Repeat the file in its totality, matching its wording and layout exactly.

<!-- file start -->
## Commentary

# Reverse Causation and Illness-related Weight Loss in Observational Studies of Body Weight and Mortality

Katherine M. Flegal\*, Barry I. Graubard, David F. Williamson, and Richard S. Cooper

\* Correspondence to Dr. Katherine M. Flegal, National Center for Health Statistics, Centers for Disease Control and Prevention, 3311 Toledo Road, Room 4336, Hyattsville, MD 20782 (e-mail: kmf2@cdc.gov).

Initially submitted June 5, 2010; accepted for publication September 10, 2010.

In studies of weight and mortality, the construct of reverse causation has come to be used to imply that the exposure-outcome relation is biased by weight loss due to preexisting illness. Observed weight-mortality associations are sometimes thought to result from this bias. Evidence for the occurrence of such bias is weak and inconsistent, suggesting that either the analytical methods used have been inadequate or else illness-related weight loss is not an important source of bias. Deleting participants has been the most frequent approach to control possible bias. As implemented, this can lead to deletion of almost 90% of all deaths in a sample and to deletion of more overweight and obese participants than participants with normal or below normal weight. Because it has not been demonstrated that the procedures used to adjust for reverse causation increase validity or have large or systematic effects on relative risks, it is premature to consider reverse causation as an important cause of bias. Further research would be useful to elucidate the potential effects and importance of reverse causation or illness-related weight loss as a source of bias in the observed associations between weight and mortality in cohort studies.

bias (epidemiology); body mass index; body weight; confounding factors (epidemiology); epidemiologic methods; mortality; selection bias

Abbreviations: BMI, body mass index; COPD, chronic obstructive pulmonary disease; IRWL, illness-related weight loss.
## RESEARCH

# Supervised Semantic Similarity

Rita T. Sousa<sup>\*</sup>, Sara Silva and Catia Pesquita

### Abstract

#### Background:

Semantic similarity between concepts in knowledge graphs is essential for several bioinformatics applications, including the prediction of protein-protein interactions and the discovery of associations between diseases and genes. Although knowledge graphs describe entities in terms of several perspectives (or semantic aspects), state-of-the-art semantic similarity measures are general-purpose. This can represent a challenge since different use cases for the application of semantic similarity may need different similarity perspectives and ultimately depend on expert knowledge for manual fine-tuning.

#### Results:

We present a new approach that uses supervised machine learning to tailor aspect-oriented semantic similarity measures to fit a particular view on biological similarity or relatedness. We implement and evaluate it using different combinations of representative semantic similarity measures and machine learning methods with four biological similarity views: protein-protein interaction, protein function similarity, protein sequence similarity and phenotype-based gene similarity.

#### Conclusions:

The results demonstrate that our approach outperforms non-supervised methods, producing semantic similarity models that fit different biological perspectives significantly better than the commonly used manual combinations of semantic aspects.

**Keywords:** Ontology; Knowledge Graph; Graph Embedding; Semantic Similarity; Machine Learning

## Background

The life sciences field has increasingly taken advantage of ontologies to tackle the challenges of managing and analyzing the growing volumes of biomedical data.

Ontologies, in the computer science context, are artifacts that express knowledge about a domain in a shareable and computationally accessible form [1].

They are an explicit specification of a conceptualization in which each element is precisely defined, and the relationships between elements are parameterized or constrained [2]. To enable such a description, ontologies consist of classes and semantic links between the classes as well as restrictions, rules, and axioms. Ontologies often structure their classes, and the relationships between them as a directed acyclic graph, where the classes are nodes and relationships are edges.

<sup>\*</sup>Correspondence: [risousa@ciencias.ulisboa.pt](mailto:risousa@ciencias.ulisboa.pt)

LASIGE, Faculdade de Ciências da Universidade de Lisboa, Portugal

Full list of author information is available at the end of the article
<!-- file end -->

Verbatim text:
## Commentary

# Reverse Causation and Illness-related Weight Loss in Observational Studies of Body Weight and Mortality

Katherine M. Flegal\*, Barry I. Graubard, David F. Williamson, and Richard S. Cooper

\* Correspondence to Dr. Katherine M. Flegal, National Center for Health Statistics, Centers for Disease Control and Prevention, 3311 Toledo Road, Room 4336, Hyattsville, MD 20782 (e-mail: kmf2@cdc.gov).

Initially submitted June 5, 2010; accepted for publication September 10, 2010.

In studies of weight and mortality, the construct of reverse causation has come to be used to imply that the exposure-outcome relation is biased by weight loss due to preexisting illness. Observed weight-mortality associations are sometimes thought to result from this bias. Evidence for the occurrence of such bias is weak and inconsistent, suggesting that either the analytical methods used have been inadequate or else illness-related weight loss is not an important source of bias. Deleting participants has been the most frequent approach to control possible bias. As implemented, this can lead to deletion of almost 90% of all deaths in a sample and to deletion of more overweight and obese participants than participants with normal or below normal weight. Because it has not been demonstrated that the procedures used to adjust for reverse causation increase validity or have large or systematic effects on relative risks, it is premature to consider reverse causation as an important cause of bias. Further research would be useful to elucidate the potential effects and importance of reverse causation or illness-related weight loss as a source of bias in the observed associations between weight and mortality in cohort studies.

bias (epidemiology); body mass index; body weight; confounding factors (epidemiology); epidemiologic methods; mortality; selection bias

Abbreviations: BMI, body mass index; COPD, chronic obstructive pulmonary disease; IRWL, illness-related weight loss.
## RESEARCH

# Supervised Semantic Similarity

Rita T. Sousa<sup>\*</sup>, Sara Silva and Catia Pesquita

### Abstract

#### Background:

Semantic similarity between concepts in knowledge graphs is essential for several bioinformatics applications, including the prediction of protein-protein interactions and the discovery of associations between diseases and genes. Although knowledge graphs describe entities in terms of several perspectives (or semantic aspects), state-of-the-art semantic similarity measures are general-purpose. This can represent a challenge since different use cases for the application of semantic similarity may need different similarity perspectives and ultimately depend on expert knowledge for manual fine-tuning.

#### Results:

We present a new approach that uses supervised machine learning to tailor aspect-oriented semantic similarity measures to fit a particular view on biological similarity or relatedness. We implement and evaluate it using different combinations of representative semantic similarity measures and machine learning methods with four biological similarity views: protein-protein interaction, protein function similarity, protein sequence similarity and phenotype-based gene similarity.

#### Conclusions:

The results demonstrate that our approach outperforms non-supervised methods, producing semantic similarity models that fit different biological perspectives significantly better than the commonly used manual combinations of semantic aspects.

**Keywords:** Ontology; Knowledge Graph; Graph Embedding; Semantic Similarity; Machine Learning

## Background

The life sciences field has increasingly taken advantage of ontologies to tackle the challenges of managing and analyzing the growing volumes of biomedical data.

Ontologies, in the computer science context, are artifacts that express knowledge about a domain in a shareable and computationally accessible form [1].

They are an explicit specification of a conceptualization in which each element is precisely defined, and the relationships between elements are parameterized or constrained [2]. To enable such a description, ontologies consist of classes and semantic links between the classes as well as restrictions, rules, and axioms. Ontologies often structure their classes, and the relationships between them as a directed acyclic graph, where the classes are nodes and relationships are edges.

<sup>\*</sup>Correspondence: [risousa@ciencias.ulisboa.pt](mailto:risousa@ciencias.ulisboa.pt)

LASIGE, Faculdade de Ciências da Universidade de Lisboa, Portugal

Full list of author information is available at the end of the article